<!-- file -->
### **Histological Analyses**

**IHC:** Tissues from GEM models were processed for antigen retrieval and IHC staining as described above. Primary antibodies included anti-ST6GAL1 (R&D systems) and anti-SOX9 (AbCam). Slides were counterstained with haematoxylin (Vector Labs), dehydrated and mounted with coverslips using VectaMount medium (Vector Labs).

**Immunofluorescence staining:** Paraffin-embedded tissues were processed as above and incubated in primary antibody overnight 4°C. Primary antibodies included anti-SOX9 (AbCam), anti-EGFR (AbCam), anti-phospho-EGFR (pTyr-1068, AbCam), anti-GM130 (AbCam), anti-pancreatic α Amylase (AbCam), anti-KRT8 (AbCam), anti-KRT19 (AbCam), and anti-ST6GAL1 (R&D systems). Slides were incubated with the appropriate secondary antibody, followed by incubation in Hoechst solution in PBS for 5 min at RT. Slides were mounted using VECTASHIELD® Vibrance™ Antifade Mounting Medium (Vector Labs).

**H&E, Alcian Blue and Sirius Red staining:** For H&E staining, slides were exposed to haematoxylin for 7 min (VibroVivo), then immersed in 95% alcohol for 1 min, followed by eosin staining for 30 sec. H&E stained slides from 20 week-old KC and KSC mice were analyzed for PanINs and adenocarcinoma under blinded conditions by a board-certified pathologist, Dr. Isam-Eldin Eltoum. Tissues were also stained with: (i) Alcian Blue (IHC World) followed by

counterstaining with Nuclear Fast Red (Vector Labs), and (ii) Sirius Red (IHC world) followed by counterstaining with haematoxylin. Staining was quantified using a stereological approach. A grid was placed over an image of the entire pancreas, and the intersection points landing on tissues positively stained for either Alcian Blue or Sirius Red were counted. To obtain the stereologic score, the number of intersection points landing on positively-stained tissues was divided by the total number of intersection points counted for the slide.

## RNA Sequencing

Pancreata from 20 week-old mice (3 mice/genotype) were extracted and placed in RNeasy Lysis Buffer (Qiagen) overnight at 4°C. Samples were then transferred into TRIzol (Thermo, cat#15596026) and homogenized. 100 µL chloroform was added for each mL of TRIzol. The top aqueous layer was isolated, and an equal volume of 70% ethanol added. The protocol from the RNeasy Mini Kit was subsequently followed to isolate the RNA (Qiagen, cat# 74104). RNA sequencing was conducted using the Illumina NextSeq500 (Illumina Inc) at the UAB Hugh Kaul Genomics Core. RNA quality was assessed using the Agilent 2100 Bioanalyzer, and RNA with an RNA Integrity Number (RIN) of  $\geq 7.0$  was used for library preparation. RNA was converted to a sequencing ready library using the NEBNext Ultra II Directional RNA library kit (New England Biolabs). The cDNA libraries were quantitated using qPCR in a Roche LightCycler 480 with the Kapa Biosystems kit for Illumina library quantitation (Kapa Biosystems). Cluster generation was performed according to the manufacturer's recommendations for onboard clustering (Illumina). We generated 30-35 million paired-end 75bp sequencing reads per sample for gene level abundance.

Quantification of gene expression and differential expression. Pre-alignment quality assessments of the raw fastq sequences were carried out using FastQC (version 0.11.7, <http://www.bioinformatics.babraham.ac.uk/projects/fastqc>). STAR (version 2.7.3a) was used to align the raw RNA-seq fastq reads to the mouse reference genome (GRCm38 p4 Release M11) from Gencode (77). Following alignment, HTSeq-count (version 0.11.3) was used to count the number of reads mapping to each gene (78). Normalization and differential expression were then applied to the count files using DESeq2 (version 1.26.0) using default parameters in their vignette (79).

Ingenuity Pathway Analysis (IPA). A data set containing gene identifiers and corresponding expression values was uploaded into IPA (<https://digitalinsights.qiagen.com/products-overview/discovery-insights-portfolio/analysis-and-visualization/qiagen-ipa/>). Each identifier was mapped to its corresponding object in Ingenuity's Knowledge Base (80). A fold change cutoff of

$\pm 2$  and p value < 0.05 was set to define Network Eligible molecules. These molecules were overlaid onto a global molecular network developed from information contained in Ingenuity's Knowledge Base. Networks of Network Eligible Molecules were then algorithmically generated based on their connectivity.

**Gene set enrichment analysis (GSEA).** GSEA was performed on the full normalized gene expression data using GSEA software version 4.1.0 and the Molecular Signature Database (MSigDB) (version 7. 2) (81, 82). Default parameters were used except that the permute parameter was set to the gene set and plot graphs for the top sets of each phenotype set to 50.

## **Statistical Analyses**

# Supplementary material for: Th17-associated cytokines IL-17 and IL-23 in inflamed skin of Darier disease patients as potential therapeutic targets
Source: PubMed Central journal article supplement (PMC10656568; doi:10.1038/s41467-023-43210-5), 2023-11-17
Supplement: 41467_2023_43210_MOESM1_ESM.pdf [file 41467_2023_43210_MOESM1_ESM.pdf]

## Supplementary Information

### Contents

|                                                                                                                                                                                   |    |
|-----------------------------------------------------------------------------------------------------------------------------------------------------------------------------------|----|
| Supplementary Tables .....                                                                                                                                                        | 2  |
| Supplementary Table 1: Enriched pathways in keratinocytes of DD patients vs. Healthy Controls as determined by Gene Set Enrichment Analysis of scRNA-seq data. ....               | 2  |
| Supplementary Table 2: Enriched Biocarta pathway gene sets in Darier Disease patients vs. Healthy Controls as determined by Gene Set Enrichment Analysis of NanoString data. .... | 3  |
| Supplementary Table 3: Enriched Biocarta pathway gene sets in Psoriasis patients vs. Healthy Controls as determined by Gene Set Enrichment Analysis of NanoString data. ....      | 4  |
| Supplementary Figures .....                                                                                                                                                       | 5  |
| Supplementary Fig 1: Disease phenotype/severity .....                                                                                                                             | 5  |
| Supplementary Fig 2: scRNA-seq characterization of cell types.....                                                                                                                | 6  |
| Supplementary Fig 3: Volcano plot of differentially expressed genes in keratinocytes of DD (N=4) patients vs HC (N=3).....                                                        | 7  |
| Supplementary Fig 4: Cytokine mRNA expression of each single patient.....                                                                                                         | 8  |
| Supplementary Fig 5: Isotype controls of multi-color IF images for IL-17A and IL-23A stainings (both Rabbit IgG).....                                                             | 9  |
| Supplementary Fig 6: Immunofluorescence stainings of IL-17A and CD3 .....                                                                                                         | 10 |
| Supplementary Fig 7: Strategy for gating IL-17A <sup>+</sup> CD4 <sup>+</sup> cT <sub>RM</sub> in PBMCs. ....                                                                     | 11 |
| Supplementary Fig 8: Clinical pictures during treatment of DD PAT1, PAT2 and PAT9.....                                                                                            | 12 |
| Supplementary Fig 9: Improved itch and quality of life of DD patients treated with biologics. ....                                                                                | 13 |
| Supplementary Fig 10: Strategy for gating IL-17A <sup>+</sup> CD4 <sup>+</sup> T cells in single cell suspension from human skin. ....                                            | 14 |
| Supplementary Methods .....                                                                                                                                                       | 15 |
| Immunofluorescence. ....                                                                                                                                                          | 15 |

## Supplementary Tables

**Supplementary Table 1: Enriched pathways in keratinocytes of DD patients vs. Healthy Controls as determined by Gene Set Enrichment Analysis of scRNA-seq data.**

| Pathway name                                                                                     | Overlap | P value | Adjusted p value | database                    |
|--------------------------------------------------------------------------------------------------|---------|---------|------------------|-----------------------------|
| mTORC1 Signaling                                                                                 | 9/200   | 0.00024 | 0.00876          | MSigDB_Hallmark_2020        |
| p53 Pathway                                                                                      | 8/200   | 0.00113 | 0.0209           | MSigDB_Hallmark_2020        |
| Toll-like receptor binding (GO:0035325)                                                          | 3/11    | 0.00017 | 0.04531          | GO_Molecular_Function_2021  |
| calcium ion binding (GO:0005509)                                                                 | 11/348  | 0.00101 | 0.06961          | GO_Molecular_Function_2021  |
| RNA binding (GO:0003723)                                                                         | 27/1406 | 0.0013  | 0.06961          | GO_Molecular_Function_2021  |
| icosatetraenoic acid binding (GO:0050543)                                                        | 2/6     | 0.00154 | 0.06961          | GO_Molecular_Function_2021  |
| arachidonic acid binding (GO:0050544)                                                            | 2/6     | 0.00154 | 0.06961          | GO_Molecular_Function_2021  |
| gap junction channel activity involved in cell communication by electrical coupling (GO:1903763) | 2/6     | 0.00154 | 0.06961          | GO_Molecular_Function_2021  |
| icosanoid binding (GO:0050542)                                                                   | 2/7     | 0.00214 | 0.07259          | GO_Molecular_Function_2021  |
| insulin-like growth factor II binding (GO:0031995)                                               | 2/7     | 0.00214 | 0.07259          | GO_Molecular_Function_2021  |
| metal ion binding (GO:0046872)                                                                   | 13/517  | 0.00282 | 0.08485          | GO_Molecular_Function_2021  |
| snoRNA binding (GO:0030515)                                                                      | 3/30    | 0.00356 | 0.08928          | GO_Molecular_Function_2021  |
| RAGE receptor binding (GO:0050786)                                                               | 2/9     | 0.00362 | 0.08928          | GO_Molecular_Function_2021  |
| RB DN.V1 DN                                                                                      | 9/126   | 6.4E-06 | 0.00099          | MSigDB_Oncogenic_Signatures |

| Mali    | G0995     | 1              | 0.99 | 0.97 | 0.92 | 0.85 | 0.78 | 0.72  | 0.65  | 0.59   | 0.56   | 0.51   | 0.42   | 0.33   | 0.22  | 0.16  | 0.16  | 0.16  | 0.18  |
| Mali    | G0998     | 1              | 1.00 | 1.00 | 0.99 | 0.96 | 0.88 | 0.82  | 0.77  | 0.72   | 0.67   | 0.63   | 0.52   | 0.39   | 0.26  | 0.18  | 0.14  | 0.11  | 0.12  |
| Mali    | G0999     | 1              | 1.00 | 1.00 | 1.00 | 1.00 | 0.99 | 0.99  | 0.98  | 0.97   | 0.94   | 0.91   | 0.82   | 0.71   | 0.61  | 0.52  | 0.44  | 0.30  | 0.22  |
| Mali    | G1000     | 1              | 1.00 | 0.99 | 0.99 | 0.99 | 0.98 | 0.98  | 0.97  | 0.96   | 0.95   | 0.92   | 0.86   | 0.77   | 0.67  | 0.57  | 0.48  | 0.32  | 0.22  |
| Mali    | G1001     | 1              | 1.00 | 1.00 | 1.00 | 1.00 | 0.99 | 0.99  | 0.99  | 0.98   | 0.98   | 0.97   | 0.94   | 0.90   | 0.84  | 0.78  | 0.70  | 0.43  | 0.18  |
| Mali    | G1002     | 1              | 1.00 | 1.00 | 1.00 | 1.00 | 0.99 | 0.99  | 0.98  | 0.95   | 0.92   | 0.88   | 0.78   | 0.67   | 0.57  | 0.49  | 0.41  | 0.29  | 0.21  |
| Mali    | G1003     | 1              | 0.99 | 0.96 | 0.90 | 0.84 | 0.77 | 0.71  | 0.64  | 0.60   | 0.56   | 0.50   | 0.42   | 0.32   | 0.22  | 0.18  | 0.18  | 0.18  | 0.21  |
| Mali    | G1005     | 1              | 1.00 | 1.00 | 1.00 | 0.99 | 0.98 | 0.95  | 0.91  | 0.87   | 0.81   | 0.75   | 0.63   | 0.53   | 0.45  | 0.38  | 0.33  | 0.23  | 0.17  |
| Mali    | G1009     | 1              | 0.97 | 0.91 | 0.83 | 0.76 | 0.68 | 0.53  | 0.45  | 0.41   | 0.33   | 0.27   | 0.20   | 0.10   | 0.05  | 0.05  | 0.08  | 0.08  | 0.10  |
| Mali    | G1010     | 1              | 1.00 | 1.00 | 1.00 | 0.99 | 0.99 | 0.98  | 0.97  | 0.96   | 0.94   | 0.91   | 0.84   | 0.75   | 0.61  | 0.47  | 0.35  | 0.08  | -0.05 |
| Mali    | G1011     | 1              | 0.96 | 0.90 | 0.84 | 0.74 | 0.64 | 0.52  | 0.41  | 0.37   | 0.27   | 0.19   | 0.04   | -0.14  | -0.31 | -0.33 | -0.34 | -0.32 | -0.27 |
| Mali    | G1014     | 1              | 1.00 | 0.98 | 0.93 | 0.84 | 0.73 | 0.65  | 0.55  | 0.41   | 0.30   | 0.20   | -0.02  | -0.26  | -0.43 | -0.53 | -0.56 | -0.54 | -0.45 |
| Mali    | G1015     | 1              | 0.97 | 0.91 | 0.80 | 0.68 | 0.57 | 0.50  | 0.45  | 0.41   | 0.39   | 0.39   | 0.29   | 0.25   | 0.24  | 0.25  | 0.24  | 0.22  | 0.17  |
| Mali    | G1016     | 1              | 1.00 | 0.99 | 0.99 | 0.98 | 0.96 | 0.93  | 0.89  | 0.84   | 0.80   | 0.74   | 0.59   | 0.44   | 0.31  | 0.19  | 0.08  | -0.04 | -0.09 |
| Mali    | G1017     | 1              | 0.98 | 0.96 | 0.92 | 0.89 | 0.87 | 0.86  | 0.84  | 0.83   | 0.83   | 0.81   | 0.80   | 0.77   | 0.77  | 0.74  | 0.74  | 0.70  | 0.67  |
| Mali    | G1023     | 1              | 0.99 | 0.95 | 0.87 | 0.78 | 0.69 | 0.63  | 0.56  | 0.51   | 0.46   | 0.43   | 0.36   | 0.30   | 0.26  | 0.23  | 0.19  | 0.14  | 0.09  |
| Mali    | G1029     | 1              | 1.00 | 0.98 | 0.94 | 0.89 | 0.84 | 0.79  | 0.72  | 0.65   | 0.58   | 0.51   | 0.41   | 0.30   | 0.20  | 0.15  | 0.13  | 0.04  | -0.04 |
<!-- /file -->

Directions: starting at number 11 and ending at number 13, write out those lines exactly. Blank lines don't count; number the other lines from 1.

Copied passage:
**Gene set enrichment analysis (GSEA).** GSEA was performed on the full normalized gene expression data using GSEA software version 4.1.0 and the Molecular Signature Database (MSigDB) (version 7. 2) (81, 82). Default parameters were used except that the permute parameter was set to the gene set and plot graphs for the top sets of each phenotype set to 50.

## **Statistical Analyses**

# Supplementary material for: Th17-associated cytokines IL-17 and IL-23 in inflamed skin of Darier disease patients as potential therapeutic targets